Protecting Your Privacy, One App at a Time
Apple (and, to a lesser extent, Google) has dominated the recent headlines after news broke that iPhones and iPads keep a massive log of your location history in a hidden but unencrypted file on the device. It's a good reminder that technology can certainly pose a threat to privacy by making it hard for you to control and protect your own personal information.
But that's not always the case. There are other apps out there that are specifically designed to do the opposite: to give you more choices and greater control over the information about you that is collected and shared.
About two weeks ago, researchers at North Carolina State University released a tool called "Taming Information-Stealing Smartphone Applications" (TISSA for short) that does exactly that. TISSA allows users to choose exactly how much information to share with applications. You can choose to "trust" an application with the exact information it asks for, "anonymize" your information to provide some information without fine-grained detail, provide "bogus" information rather than your actual information, or simply provide nothing at all. And you can mix and match within an application: you might trust an app with your actual location but refuse to share your contact list, or vice versa.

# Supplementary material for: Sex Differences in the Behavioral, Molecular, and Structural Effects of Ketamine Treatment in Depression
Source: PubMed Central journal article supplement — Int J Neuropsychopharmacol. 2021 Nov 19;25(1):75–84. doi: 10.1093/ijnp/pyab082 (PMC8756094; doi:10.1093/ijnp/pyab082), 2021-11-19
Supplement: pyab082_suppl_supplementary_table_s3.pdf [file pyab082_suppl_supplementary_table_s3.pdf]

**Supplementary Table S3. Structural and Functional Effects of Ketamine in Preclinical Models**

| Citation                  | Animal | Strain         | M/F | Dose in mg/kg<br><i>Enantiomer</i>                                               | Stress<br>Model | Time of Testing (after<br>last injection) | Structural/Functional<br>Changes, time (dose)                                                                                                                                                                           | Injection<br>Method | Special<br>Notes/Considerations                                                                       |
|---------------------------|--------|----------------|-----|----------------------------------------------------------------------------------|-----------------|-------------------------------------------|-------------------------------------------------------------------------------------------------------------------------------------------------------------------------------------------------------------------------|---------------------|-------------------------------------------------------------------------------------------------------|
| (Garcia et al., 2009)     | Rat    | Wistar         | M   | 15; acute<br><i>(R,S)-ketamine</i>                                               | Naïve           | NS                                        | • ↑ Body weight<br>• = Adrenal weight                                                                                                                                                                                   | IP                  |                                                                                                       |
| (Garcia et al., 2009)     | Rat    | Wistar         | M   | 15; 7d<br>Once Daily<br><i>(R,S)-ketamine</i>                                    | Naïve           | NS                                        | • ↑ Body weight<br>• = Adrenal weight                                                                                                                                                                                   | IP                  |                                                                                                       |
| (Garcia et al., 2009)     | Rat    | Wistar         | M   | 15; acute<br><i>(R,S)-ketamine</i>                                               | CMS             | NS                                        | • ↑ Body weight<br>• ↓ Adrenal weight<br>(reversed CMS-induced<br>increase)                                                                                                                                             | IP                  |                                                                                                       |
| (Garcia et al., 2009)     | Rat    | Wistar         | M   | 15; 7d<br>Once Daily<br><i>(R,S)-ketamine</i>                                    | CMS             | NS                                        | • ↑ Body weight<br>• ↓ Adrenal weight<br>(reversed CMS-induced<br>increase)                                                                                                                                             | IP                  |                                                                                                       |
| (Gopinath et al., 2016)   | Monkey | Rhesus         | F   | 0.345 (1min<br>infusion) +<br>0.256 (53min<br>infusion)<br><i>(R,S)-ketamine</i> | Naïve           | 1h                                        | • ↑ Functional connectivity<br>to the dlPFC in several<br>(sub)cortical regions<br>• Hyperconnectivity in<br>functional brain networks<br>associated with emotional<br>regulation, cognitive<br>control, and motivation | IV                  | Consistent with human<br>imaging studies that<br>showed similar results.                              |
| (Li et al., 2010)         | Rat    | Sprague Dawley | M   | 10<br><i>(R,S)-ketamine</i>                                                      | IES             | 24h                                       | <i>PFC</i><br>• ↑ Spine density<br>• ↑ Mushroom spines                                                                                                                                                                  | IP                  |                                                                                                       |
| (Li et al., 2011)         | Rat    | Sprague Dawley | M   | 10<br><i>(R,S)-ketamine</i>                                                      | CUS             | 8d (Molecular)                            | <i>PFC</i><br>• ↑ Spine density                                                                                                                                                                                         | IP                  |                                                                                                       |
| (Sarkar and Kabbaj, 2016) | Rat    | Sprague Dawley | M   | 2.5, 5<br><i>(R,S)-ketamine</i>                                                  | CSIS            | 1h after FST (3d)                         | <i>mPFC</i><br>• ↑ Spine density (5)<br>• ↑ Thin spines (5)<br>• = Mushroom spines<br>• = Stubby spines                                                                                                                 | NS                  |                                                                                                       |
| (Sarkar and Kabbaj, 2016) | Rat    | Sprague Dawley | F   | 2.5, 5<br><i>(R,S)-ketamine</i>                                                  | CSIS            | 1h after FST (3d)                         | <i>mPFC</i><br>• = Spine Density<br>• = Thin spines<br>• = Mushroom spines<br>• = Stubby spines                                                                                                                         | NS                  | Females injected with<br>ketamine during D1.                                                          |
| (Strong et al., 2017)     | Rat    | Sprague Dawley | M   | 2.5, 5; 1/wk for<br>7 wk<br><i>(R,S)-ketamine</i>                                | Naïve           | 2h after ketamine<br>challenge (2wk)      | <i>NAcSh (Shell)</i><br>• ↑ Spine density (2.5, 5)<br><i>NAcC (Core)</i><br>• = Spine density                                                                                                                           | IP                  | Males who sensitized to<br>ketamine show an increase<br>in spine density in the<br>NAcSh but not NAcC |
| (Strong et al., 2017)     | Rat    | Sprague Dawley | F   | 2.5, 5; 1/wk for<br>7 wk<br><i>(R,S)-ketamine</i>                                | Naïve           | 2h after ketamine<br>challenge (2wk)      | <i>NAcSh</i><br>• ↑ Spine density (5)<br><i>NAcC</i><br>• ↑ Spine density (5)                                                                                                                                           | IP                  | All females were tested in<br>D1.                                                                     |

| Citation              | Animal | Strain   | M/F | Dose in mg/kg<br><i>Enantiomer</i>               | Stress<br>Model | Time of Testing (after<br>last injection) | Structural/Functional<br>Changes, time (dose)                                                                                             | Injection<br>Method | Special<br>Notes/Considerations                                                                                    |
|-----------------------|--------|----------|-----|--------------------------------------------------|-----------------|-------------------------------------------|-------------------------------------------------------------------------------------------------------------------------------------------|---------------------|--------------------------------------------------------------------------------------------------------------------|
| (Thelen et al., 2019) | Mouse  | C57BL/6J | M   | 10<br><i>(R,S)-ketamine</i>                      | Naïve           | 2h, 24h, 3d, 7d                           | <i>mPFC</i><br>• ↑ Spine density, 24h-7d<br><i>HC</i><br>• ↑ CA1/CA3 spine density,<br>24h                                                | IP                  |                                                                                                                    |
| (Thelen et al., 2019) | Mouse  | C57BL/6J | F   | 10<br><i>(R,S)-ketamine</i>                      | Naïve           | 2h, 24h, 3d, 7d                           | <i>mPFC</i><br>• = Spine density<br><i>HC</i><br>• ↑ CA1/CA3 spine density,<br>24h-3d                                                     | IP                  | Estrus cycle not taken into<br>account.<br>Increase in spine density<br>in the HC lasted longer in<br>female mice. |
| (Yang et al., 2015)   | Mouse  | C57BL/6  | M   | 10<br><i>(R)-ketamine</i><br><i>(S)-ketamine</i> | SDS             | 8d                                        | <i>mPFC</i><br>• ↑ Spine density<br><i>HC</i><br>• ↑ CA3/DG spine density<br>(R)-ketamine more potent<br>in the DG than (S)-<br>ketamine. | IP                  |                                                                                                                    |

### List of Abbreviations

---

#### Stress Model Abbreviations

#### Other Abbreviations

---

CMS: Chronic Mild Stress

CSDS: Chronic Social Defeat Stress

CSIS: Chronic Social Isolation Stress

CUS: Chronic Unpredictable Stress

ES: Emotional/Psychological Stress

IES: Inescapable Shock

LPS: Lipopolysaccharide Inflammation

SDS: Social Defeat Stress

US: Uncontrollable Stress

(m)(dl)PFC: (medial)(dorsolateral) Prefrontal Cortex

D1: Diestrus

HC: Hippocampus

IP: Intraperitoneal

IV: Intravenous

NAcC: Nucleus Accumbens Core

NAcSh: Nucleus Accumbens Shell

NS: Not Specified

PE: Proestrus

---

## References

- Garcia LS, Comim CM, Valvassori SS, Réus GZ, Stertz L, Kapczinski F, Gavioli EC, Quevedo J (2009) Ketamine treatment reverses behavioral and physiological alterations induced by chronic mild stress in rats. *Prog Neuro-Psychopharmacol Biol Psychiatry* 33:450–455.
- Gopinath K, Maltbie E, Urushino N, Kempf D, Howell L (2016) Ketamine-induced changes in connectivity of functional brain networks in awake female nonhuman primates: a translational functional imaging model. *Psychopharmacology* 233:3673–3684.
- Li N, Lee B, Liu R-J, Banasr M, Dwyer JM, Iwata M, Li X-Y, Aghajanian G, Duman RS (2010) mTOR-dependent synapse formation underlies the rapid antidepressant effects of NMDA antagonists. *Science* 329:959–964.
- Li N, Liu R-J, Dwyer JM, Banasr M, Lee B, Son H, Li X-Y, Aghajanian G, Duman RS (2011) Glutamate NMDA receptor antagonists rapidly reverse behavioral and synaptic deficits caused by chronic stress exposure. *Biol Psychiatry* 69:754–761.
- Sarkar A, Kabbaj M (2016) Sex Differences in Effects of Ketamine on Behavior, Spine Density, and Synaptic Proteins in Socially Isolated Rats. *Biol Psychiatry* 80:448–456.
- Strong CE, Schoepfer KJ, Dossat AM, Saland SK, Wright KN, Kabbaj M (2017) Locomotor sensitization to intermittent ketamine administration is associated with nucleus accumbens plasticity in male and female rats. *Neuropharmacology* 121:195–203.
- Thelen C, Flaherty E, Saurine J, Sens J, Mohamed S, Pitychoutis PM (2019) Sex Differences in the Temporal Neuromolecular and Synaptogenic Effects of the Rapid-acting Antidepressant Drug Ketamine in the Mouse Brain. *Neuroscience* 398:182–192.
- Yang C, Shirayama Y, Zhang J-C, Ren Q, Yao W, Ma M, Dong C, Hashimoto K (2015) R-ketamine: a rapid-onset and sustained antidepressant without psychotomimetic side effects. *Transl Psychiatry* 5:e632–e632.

This is exactly the sort of tool we have been hoping to encourage with our Develop 4 Privacy Challenge. When developers focus on building tools to protect or enhance privacy, we have an opportunity to level the playing field and give individuals the ability to use their smartphones or other devices without losing control of their personal information. So if you've built an app that can improve mobile privacy, please submit it to the Challenge. (And if you've got an idea but haven't built it yet, get cracking -- the deadline for submissions is May 31!)
Chris Conley is the Technology and Civil Liberties Fellow with the ACLU of Northern California.